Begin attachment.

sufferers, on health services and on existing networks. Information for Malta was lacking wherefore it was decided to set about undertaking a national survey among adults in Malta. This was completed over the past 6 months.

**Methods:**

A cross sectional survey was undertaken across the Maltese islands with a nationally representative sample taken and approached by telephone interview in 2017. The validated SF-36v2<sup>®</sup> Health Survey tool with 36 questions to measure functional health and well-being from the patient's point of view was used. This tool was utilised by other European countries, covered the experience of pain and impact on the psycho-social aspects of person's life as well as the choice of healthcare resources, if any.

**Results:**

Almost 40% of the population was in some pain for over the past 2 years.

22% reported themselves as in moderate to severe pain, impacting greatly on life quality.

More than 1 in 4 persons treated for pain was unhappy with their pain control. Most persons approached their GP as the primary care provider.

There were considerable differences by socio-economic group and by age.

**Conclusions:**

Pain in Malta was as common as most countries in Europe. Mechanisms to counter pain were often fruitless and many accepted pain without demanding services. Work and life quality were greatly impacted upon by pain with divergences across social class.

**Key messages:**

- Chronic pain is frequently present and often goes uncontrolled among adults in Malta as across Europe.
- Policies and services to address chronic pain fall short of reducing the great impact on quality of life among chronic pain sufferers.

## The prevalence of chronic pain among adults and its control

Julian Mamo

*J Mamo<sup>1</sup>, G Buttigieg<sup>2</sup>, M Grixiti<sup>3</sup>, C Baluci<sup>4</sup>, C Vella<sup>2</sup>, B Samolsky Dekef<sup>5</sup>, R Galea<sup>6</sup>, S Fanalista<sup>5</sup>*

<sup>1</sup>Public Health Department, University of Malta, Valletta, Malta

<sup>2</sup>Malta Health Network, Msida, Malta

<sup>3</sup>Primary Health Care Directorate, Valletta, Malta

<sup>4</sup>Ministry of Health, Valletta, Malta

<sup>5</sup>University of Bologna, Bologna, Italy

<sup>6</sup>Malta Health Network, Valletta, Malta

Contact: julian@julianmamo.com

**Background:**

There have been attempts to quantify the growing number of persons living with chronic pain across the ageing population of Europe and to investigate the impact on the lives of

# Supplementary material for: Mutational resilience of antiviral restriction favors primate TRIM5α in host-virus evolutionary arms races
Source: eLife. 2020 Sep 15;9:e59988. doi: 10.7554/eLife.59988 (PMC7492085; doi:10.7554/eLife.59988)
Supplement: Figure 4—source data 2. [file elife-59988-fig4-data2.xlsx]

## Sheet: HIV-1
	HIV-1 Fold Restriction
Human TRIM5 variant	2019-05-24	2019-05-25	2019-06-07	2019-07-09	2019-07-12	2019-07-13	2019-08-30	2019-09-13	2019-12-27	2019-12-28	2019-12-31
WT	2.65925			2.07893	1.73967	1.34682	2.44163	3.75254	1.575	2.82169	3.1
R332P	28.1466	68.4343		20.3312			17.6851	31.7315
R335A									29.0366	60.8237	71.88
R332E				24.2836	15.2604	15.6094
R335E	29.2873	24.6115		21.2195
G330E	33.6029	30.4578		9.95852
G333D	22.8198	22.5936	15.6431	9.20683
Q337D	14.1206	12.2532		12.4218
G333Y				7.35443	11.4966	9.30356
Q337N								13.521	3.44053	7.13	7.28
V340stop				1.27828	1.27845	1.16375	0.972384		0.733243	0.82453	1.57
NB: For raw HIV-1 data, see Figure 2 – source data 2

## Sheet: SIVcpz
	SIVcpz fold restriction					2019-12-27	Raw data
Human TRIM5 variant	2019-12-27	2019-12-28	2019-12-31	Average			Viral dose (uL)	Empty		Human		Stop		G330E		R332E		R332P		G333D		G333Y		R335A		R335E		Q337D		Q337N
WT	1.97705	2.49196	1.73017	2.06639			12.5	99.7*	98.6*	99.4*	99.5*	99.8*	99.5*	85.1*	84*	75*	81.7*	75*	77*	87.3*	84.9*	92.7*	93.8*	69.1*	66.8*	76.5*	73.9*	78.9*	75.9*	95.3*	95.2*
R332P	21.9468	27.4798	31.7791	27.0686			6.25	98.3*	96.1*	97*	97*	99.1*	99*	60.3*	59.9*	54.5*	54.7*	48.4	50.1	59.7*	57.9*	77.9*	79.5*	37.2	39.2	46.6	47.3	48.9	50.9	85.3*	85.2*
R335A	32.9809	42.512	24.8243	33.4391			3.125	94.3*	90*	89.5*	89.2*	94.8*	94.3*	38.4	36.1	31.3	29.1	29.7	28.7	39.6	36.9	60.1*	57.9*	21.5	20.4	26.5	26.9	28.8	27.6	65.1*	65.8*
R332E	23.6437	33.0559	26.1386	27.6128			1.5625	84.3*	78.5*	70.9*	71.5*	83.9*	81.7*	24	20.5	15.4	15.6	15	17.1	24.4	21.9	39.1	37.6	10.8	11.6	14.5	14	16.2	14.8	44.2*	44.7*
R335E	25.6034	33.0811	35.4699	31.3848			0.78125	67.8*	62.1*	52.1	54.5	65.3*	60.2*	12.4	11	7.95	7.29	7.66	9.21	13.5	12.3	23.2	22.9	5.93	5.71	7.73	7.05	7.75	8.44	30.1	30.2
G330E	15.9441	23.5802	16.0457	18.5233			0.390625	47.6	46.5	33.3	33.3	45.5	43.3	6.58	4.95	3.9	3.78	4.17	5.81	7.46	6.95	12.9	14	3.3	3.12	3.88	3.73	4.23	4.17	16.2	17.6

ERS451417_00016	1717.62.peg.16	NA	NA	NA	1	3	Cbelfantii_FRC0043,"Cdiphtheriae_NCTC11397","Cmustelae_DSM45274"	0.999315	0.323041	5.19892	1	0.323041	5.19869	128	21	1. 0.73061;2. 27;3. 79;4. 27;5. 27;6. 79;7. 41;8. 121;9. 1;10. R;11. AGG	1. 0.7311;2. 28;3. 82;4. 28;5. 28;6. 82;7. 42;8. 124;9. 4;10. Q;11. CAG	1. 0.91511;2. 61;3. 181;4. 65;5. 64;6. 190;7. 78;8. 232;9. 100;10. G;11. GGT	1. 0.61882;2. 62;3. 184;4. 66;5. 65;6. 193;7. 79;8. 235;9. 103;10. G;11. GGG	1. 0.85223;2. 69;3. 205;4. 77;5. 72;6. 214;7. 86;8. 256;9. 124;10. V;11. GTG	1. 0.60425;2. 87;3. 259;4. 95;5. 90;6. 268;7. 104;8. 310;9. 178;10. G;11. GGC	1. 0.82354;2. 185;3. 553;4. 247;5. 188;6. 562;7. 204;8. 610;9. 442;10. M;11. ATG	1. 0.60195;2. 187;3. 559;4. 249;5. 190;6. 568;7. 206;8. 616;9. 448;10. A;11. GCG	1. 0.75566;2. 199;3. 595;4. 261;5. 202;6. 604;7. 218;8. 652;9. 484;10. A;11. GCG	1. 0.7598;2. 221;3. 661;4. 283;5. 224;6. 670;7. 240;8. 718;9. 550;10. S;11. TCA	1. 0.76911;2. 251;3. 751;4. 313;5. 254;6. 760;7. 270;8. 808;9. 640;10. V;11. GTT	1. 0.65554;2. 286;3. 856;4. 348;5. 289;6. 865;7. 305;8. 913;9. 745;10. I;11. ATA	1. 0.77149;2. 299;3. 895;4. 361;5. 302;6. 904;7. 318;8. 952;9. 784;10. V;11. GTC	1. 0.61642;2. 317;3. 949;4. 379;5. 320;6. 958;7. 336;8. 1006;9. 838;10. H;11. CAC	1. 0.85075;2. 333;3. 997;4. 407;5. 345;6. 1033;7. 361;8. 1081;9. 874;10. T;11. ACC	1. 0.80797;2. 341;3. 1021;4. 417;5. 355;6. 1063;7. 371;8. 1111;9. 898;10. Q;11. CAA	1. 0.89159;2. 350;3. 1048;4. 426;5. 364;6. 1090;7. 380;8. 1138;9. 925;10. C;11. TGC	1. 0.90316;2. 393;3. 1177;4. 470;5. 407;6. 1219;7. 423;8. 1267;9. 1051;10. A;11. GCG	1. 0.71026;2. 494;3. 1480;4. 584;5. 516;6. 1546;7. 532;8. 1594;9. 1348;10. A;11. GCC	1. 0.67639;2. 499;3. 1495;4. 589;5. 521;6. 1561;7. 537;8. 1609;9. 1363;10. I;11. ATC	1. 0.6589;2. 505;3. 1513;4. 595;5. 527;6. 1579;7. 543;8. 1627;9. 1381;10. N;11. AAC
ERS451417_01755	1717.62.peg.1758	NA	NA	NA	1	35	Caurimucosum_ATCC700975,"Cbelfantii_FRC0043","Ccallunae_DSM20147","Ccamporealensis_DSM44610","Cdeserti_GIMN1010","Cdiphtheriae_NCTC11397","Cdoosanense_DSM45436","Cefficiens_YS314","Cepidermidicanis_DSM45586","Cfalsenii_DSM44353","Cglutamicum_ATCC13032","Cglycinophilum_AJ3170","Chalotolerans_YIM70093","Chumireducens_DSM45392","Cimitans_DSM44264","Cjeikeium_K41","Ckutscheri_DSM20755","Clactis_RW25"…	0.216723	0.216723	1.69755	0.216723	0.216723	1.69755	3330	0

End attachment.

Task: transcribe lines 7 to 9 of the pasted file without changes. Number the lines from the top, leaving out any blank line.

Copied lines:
More than 1 in 4 persons treated for pain was unhappy with their pain control. Most persons approached their GP as the primary care provider.

There were considerable differences by socio-economic group and by age.

**Conclusions:**